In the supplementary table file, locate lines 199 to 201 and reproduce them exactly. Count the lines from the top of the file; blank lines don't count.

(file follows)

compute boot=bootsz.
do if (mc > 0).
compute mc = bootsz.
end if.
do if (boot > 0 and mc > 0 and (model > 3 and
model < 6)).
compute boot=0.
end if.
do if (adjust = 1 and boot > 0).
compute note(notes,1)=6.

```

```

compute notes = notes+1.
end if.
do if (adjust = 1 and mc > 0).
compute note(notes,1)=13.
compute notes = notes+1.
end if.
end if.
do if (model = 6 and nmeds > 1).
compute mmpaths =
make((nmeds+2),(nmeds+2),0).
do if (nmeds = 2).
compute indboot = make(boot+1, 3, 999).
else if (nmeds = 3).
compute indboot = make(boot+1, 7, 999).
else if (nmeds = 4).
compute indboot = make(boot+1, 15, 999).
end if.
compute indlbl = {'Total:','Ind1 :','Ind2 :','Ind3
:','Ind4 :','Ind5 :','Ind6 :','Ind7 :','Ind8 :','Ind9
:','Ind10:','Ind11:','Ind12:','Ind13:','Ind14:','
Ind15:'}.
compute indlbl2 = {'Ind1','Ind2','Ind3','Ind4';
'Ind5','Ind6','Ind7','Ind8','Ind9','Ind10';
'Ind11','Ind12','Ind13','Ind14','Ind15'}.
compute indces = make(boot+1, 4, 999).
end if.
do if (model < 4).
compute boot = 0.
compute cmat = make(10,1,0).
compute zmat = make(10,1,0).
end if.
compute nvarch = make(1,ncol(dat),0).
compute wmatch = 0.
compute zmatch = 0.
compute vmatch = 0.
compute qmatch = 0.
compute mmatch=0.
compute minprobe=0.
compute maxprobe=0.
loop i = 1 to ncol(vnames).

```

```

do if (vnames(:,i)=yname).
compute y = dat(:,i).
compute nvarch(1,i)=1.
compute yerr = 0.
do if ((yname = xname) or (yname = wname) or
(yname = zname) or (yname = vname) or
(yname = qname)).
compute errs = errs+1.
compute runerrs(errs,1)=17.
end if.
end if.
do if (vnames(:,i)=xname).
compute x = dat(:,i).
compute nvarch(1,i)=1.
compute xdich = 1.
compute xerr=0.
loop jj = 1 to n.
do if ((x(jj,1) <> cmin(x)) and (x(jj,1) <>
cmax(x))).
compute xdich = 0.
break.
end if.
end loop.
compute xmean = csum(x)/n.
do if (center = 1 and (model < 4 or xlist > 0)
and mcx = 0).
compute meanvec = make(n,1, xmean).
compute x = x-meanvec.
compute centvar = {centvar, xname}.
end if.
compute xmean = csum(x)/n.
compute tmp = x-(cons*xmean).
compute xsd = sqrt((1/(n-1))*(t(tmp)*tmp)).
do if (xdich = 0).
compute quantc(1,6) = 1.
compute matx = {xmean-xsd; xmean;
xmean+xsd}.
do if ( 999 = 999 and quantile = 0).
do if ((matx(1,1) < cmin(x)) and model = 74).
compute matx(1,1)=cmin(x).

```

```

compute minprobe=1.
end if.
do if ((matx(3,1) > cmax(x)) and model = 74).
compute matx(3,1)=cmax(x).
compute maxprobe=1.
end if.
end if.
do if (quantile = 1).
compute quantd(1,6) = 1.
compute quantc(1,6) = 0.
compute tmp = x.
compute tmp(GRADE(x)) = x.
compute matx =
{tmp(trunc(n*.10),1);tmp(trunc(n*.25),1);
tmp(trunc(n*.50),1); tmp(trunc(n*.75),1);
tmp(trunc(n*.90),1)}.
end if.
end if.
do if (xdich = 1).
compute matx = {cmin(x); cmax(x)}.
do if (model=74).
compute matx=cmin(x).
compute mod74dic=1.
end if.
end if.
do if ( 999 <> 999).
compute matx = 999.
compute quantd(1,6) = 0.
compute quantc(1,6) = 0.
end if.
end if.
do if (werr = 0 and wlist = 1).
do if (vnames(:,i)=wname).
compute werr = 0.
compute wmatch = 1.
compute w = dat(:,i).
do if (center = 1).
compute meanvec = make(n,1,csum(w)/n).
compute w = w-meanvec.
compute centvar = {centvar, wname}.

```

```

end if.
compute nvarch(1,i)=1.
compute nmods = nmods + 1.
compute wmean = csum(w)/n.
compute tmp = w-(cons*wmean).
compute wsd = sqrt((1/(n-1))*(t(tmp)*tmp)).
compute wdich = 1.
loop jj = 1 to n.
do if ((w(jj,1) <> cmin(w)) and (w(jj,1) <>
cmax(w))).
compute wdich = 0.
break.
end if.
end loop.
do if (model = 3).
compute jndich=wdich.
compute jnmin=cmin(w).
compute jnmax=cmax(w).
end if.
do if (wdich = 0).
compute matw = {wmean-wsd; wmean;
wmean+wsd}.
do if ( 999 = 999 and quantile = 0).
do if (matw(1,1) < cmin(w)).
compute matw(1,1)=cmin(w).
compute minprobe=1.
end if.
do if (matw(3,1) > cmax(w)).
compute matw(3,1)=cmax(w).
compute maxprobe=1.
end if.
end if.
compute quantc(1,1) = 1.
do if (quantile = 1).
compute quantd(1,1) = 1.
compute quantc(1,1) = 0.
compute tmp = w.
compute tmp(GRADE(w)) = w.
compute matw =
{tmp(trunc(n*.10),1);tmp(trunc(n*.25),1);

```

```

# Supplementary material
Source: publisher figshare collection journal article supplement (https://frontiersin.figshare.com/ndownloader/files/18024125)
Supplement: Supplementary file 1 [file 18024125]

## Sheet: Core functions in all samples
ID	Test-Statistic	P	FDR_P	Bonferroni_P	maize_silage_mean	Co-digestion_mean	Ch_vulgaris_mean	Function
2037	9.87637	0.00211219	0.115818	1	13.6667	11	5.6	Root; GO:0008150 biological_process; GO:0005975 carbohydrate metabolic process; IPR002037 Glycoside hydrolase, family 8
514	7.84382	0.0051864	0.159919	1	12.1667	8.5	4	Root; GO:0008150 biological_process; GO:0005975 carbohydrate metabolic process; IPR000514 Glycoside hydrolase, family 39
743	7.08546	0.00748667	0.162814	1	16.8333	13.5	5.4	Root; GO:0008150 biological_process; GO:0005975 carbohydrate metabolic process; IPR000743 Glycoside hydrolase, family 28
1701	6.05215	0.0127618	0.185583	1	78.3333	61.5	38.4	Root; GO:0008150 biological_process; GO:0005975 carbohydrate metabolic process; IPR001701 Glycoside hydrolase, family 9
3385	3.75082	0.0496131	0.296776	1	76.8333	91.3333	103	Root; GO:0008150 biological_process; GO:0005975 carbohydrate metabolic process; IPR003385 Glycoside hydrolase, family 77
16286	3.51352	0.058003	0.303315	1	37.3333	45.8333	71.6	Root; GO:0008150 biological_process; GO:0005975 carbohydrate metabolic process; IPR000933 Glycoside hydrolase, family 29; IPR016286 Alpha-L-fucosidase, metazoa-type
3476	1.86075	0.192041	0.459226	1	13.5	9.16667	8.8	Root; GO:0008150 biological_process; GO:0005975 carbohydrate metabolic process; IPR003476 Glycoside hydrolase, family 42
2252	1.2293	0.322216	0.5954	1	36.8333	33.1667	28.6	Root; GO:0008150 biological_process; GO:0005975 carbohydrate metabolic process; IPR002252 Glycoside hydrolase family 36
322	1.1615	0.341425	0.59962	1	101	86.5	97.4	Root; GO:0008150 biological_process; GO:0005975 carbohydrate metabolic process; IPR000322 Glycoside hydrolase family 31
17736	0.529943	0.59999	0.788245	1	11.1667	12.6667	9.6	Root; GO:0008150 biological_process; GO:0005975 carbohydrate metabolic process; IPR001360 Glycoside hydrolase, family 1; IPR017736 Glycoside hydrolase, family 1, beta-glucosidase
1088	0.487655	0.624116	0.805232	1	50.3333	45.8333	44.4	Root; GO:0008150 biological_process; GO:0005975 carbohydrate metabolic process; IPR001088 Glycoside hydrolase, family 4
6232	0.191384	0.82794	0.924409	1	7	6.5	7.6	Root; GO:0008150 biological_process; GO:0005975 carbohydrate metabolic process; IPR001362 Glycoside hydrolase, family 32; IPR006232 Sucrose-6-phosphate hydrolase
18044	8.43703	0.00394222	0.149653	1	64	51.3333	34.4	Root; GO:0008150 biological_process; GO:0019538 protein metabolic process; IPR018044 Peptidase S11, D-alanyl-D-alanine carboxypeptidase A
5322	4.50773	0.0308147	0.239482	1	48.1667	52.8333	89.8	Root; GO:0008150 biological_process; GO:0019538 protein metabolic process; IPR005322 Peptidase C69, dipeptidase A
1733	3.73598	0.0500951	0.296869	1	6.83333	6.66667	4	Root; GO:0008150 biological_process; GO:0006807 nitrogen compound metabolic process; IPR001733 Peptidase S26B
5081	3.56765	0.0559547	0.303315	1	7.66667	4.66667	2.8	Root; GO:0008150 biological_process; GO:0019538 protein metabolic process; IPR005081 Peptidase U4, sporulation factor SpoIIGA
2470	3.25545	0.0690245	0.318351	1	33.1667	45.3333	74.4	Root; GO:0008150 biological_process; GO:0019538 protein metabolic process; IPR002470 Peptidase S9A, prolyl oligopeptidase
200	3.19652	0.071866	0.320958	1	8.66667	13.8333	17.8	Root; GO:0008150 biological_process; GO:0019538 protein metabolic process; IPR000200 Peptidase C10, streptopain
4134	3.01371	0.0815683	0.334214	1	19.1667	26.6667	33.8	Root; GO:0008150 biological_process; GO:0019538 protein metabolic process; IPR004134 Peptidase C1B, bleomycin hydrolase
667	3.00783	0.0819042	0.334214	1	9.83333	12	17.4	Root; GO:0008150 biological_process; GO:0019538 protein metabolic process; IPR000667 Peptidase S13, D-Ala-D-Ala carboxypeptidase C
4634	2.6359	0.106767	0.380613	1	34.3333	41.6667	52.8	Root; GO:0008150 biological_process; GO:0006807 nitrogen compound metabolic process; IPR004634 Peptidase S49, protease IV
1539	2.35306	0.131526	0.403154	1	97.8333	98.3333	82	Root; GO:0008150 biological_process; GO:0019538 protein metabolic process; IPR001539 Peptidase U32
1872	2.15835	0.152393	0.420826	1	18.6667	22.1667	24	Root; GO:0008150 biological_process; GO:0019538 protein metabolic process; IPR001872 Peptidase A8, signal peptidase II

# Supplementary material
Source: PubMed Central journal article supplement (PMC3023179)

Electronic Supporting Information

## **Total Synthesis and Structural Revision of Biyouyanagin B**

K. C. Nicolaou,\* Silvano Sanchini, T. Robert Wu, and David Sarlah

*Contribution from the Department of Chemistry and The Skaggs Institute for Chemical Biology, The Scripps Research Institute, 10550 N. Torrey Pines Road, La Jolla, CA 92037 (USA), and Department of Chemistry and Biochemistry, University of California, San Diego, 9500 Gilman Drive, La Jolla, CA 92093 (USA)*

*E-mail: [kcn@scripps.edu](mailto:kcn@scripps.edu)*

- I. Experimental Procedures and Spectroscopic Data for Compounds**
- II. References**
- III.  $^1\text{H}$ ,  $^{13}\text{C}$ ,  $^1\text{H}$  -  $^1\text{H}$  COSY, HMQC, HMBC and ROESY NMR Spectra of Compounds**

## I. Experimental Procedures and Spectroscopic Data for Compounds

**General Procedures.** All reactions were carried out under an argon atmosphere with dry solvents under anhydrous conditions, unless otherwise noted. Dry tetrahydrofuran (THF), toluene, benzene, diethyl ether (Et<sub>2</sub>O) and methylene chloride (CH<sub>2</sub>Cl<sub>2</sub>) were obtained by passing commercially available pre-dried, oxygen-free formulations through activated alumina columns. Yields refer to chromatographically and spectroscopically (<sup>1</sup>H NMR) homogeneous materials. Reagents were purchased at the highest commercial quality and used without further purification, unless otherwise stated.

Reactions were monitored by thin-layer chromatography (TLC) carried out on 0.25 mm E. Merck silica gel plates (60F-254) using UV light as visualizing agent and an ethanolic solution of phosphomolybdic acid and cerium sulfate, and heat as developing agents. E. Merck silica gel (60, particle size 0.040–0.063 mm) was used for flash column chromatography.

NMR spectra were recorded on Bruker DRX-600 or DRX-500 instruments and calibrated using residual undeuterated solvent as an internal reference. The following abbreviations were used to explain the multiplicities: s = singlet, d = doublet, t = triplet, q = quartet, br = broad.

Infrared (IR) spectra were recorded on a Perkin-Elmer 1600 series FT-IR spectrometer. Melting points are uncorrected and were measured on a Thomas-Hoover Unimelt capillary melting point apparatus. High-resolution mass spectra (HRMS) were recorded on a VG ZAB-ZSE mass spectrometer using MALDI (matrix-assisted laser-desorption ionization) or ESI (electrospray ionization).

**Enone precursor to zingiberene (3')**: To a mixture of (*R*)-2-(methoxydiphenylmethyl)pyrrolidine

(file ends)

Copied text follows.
5322	4.50773	0.0308147	0.239482	1	48.1667	52.8333	89.8	Root; GO:0008150 biological_process; GO:0019538 protein metabolic process; IPR005322 Peptidase C69, dipeptidase A
1733	3.73598	0.0500951	0.296869	1	6.83333	6.66667	4	Root; GO:0008150 biological_process; GO:0006807 nitrogen compound metabolic process; IPR001733 Peptidase S26B
5081	3.56765	0.0559547	0.303315	1	7.66667	4.66667	2.8	Root; GO:0008150 biological_process; GO:0019538 protein metabolic process; IPR005081 Peptidase U4, sporulation factor SpoIIGA